Doug Oliphant leaves large legacy in Lake Oswego

by: SUBMITTED PHOTO - Doug Oliphant had a smile for every occasion, especially when he was with his family. In front is wife Barbara. In back are son Duncan, Oliphant, and daughter Beth Hoover.

The passing of Doug Oliphant happened so quickly and unexpectedly that many of his friends were left without the chance to say goodbye.

“Some of the people who needed to say goodbye didn’t make it,” said Beth Oliphant Hoover, Oliphant’s daughter. “One boy (who while suffering from throat cancer was befriended by Oliphant) was planning to come visit Dad. He was absolutely heartbroken when he found out Dad had died.”

But there are memorials for Oliphant all over Lake Oswego that will live for a long time. Oliphant died on May 21 at the age of 78, and it brought a time of reflection on not only what Lake Oswego had lost but also how much the city had gained thanks to Doug Oliphant.

“Dad had such a love of life,” Hoover said. “He was completely dedicated to this city. Everything he did was passionately purposeful.”

Business, the arts, senior citizens, golfers, flower fans, ice cream lovers —there was hardly a segment of Lake Oswego life on which Oliphant did not have impact.

The beautiful flower baskets now hanging up all over Lake Oswego? Oliphant was the daddy of that idea. The Lake Oswego Adult Community Center? Oliphant’s determination as president of the Lake Oswego Adult Community Center Foundation made sure that the funds went to the LOACC, as benefactor Eloise Minter intended. Do you like shopping at exquisite boutiques or dining at Manzana Grill and other spots at Millennium Plaza Park? Oliphant fought for them to be built. Do you appreciate the beauty of Oswego Lake? Oliphant campaigned, against strong opposition, to have it cleaned up, and he succeeded. This is just a tiny listing of all the ways Oliphant benefited this community.

Some of his closest family members — wife Barbara, daughter Beth, son Duncan Oliphant, son-in-law Mark Hoover — gathered after Oliphant’s death to reminisce about the man who meant so much to them, and they were amazed by all of the material he left behind. Barbara Oliphant was by her husband’s side on many of his crusades, and she has a folder full of newspaper clippings about Oliphant, who certainly made a lot of news in Lake Oswego. One news photo from 2006 shows Oliphant standing on the shore of Oswego Lake, his arms outstretched, his mouth wide open, and looking a lot like Billy Graham preaching a sermon. It was the perfect pose for such a devout Christian.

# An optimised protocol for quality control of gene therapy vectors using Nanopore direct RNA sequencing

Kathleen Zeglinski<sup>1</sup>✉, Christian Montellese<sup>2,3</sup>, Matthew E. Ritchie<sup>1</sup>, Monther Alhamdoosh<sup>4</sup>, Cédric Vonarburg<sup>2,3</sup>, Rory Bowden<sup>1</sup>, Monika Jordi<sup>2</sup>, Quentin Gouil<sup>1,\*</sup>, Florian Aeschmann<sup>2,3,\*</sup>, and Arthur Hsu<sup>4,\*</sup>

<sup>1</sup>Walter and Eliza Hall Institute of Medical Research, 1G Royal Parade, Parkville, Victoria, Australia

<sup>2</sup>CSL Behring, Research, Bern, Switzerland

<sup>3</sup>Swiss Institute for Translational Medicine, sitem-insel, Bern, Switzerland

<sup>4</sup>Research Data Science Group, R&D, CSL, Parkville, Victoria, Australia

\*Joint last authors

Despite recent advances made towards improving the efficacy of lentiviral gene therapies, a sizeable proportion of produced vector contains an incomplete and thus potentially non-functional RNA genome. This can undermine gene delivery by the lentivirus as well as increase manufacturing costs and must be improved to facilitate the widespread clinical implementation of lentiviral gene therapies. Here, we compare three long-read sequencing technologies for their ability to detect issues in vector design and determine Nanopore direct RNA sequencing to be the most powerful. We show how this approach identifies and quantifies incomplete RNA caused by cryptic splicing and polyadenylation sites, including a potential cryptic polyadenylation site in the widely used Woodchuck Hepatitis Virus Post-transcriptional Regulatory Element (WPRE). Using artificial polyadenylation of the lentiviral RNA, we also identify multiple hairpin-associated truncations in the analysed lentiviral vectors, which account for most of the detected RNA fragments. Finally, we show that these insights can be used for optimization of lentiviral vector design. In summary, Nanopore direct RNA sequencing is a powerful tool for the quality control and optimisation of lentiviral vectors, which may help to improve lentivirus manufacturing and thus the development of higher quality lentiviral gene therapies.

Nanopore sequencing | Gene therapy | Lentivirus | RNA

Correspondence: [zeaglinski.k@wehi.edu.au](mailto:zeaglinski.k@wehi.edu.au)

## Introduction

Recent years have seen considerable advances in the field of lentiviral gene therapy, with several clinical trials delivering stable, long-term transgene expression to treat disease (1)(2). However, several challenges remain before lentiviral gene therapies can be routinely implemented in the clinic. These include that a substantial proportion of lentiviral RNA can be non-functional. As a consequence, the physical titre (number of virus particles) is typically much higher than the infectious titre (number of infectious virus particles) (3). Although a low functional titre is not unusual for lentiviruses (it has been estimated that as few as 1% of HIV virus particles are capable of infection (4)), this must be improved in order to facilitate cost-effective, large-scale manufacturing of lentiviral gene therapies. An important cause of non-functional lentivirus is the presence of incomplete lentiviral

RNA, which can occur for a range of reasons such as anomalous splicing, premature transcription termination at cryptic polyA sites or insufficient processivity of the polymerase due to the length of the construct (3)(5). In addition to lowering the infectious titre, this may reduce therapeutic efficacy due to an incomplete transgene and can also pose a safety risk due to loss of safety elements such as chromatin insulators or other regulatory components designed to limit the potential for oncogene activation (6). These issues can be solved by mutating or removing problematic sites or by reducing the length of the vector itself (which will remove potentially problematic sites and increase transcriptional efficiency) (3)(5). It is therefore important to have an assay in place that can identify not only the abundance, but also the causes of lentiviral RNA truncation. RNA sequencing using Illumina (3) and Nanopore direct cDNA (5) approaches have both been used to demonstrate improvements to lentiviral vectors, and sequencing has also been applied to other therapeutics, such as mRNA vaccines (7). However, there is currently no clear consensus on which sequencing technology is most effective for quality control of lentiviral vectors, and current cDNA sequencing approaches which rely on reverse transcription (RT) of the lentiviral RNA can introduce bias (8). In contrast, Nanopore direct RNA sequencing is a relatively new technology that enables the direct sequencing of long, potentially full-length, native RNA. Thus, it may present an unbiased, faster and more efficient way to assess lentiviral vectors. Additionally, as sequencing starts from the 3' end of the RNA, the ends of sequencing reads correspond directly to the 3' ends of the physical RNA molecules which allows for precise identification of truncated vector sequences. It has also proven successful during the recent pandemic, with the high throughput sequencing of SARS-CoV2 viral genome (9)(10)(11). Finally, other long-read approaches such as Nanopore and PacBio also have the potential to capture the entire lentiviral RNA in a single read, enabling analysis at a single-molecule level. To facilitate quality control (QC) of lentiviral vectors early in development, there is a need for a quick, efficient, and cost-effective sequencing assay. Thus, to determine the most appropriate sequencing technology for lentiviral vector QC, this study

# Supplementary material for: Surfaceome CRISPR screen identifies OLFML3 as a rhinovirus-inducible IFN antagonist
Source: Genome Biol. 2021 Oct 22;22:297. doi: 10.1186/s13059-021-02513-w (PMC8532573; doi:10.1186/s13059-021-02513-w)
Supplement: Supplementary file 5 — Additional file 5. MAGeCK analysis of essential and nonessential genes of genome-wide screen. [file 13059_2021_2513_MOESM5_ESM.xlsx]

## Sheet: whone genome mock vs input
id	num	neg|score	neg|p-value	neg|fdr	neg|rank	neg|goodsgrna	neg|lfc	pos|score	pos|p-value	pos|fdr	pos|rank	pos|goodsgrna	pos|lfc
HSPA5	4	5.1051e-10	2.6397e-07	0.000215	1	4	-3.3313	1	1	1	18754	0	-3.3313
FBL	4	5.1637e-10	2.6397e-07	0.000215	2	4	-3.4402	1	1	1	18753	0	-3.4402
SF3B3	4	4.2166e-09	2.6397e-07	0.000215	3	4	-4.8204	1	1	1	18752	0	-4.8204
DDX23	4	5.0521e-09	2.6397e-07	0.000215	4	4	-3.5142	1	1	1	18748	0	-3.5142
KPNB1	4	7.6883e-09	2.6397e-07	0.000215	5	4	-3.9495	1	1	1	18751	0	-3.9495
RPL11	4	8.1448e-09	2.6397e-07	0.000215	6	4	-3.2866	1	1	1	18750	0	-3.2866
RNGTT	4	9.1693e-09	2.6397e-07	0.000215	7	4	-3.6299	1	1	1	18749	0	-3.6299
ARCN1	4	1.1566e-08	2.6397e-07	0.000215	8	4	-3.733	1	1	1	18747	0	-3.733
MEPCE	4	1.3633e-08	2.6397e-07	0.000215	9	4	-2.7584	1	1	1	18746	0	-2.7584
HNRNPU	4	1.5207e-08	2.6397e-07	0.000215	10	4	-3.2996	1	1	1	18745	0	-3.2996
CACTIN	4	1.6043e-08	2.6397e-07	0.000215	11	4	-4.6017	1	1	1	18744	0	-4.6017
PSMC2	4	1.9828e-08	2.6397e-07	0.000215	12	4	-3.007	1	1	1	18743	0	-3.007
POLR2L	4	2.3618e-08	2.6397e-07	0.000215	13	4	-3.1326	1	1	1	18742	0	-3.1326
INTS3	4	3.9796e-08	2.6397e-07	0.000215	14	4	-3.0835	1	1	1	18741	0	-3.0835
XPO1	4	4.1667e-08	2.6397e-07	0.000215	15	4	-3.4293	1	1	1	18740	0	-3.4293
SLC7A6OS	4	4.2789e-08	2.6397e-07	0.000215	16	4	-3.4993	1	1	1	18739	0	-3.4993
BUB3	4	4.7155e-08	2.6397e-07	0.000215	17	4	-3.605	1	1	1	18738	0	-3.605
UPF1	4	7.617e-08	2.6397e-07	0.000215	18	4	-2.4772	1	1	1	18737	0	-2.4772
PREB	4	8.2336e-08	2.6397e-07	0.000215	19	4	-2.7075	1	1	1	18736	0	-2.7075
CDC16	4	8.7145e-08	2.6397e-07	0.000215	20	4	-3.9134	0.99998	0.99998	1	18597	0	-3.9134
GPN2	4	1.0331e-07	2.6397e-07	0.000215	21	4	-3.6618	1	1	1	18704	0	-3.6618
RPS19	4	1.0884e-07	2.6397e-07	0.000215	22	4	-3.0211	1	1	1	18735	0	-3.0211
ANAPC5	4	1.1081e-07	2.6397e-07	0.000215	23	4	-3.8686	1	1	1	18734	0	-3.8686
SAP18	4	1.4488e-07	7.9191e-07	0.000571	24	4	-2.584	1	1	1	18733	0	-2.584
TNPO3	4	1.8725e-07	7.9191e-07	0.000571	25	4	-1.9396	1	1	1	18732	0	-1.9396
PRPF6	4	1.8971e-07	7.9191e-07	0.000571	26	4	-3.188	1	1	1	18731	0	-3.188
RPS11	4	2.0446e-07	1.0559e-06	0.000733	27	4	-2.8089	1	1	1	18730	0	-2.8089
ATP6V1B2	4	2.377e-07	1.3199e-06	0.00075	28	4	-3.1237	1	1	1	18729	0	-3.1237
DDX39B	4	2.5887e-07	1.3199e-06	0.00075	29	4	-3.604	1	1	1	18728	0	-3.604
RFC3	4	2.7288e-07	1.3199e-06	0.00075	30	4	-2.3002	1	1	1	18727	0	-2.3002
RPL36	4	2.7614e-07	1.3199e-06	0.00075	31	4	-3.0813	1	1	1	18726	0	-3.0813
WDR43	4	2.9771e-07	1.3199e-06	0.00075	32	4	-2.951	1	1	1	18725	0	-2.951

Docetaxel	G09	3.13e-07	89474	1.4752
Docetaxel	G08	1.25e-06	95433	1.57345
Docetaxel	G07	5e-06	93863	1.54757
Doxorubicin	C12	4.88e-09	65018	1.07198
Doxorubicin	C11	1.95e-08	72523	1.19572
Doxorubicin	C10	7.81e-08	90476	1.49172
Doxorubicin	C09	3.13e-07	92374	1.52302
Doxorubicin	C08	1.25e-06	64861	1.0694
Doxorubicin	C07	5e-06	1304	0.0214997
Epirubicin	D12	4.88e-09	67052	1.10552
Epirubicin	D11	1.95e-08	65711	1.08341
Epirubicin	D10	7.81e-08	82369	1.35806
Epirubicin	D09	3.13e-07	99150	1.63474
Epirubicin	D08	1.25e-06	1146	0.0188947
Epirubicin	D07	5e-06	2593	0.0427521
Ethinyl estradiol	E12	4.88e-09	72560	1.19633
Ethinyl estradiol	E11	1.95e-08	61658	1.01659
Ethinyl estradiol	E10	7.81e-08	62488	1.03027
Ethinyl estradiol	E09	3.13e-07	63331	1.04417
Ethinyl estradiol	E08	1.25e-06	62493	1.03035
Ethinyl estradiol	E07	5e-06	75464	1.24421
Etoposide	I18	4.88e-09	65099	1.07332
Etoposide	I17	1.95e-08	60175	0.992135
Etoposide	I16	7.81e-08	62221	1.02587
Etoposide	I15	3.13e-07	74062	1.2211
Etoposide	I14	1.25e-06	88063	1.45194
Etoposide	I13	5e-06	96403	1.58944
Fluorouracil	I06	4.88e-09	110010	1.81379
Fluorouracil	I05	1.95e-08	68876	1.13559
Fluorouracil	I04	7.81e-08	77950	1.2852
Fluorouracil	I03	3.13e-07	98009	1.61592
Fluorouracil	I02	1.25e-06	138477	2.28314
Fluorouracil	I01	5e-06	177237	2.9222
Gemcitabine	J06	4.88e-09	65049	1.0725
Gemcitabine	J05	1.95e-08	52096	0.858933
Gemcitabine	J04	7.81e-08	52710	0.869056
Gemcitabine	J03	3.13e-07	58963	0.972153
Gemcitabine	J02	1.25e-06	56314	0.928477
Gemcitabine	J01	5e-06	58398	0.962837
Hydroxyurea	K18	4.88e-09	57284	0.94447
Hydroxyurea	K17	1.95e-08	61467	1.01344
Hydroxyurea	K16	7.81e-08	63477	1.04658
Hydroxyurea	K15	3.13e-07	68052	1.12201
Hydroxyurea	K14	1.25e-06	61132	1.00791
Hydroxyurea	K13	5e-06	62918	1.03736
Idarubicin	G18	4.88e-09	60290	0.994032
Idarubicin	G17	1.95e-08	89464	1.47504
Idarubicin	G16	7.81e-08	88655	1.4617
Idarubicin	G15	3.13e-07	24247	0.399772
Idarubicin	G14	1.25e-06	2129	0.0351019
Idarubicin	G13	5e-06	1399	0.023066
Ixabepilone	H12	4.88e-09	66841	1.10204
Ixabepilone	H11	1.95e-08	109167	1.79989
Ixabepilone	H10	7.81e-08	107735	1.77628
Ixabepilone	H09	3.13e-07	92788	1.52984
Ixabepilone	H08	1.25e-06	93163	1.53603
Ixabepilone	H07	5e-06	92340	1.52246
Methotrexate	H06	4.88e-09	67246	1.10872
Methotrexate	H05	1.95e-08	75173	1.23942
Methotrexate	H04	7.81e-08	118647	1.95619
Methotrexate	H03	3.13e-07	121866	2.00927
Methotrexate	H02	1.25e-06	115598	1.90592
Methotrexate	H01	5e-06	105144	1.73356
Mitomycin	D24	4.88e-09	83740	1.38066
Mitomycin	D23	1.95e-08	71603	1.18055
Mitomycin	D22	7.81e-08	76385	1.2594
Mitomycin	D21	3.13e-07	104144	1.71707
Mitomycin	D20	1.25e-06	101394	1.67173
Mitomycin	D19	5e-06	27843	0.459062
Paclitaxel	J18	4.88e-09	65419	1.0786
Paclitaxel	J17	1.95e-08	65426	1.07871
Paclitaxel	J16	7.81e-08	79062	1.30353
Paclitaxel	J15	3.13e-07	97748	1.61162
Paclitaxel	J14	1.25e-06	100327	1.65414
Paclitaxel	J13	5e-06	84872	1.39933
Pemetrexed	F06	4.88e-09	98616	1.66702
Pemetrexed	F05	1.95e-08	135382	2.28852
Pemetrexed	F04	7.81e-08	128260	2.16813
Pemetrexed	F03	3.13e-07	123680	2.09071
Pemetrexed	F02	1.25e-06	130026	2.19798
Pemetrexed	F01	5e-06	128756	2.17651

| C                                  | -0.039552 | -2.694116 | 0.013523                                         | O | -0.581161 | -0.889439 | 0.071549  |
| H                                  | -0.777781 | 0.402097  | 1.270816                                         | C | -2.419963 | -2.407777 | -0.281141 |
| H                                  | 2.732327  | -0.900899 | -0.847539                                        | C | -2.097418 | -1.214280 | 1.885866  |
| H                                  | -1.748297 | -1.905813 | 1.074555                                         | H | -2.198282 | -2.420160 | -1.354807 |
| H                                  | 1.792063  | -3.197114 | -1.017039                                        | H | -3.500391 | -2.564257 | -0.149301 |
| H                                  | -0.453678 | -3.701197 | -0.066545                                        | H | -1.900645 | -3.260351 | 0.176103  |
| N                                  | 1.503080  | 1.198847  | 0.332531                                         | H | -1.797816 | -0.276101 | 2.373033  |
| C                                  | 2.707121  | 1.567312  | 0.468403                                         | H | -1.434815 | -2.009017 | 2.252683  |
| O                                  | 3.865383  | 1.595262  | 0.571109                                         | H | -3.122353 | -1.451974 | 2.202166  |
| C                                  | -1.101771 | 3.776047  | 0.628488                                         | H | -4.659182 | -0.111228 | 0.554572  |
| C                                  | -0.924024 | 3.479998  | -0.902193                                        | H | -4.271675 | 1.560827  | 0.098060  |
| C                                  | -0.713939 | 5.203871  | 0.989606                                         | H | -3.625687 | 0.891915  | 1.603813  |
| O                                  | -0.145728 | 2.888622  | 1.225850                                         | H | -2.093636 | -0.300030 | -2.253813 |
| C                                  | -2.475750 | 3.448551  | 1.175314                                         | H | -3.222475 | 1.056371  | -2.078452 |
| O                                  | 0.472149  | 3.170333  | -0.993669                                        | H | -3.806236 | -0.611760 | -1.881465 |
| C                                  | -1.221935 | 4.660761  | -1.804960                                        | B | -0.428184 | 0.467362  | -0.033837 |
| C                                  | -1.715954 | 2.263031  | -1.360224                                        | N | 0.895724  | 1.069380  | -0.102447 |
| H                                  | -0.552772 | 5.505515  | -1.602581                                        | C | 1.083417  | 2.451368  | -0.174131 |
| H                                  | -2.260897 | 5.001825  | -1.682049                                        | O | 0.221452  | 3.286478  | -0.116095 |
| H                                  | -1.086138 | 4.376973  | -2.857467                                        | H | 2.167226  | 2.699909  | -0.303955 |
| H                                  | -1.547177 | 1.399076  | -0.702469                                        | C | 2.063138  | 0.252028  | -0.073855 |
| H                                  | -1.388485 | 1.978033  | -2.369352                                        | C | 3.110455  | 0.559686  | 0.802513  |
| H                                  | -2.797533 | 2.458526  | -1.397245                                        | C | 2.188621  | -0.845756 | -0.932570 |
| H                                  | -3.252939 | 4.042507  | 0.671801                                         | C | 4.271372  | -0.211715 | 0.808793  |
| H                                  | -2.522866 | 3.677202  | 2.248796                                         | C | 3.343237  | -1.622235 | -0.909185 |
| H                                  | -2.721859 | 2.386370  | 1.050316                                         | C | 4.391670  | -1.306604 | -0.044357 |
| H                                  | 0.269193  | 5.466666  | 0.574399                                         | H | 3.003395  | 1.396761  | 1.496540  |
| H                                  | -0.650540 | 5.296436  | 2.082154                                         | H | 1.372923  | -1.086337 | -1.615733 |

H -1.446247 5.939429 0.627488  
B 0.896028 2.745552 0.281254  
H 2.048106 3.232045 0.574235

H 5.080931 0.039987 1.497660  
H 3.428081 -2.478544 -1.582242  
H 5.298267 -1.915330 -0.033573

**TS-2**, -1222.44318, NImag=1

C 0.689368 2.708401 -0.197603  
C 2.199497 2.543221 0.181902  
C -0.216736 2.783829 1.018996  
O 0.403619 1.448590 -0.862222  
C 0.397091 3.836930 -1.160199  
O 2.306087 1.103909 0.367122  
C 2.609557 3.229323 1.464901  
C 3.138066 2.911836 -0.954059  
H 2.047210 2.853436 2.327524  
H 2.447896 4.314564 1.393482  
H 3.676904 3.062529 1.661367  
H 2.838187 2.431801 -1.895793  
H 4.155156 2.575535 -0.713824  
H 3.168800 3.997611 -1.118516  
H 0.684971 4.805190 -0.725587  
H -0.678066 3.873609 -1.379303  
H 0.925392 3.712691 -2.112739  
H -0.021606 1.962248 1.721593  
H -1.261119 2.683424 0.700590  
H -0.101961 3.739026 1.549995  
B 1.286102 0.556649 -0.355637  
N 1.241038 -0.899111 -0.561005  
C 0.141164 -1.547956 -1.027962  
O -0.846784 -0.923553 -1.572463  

“Oswego Lake was dirty and he wanted it cleaned up,” Barbara said. “Some people sued us for taking that stand. We won the court case.”

Oliphant was even able to turn personal tragedy into something positive and vital. After the shocking death of his son, David, from a heart attack, the grief-stricken Oliphant used his son’s death as a way to rally support to Donate Life and he started the David Oliphant Racing Series to memorialize his son’s character and what he stood for.

Controversy and Oliphant were not strangers. He took such strong, firm, tireless positions on issues he believed in that he sometimes made people mad. The lake cleanup issue was one example. Another was his drive to build a shopping area near First Street and A Avenue instead of allowing the land to be used for a park.

“He thought there were enough parks around Lake Oswego,” Barbara said. “He thought Lake Oswego people needed a place to shop. Some thought it was just a waste of time. Look at it today.”

“Dad was controversial. Whether you agreed with him or not he was a fighter,” Duncan said. “But at the end of the day his thought process was to make this city better.”

“He wanted to do right by this city,” Hoover said.

While he was up to his neck in civic activities, Oliphant was running a highly successful business, SeedPrint, which distributed packets of plant seeds to companies all over the globe.

Four years ago, however, Oliphant finally had to slow down. He was stricken with cancer, and he was forced to steadily reduce his causes. However, his final cause was the one nearest to his heart, Your Everyday Cross program, in which Oliphant gave away tiny, beautiful, wooden crosses made by his friend Vince Tylman. His purpose was so simple. He wanted to bring people closer to Jesus Christ and show God’s love for them, and by the end of his life he had given away more than 2,500 crosses.

“Every one of those crosses had a story to go with it,” Hoover said. “He said all of his other activities didn’t matter anymore. His heart was in the cross ministry. Now it’s such a web of friendship, support and ministry.”

An old adage states that you end up with the face you deserve. Oliphant had a great face. But the pain he faced from cancer grew greater and greater, and in the last week of his life it suddenly proved too great to overcome.

“Dad was suffering,” Hoover said. “He couldn’t talk in his final days.”

But Oliphant was still giving even after his death. In his will he made sure his corneas would be donated to the Donate for Life program. Hoover will take over her dad’s Your Everyday Cross program, and she and other family members will be working on ideas to memorialize a man who was such a good and faithful servant.

A memorial service for Doug Oliphant, open to the public, will be held June 13 at 3 p.m. at Lake Grove Presbyterian Church at 4040 Sunset Drive.

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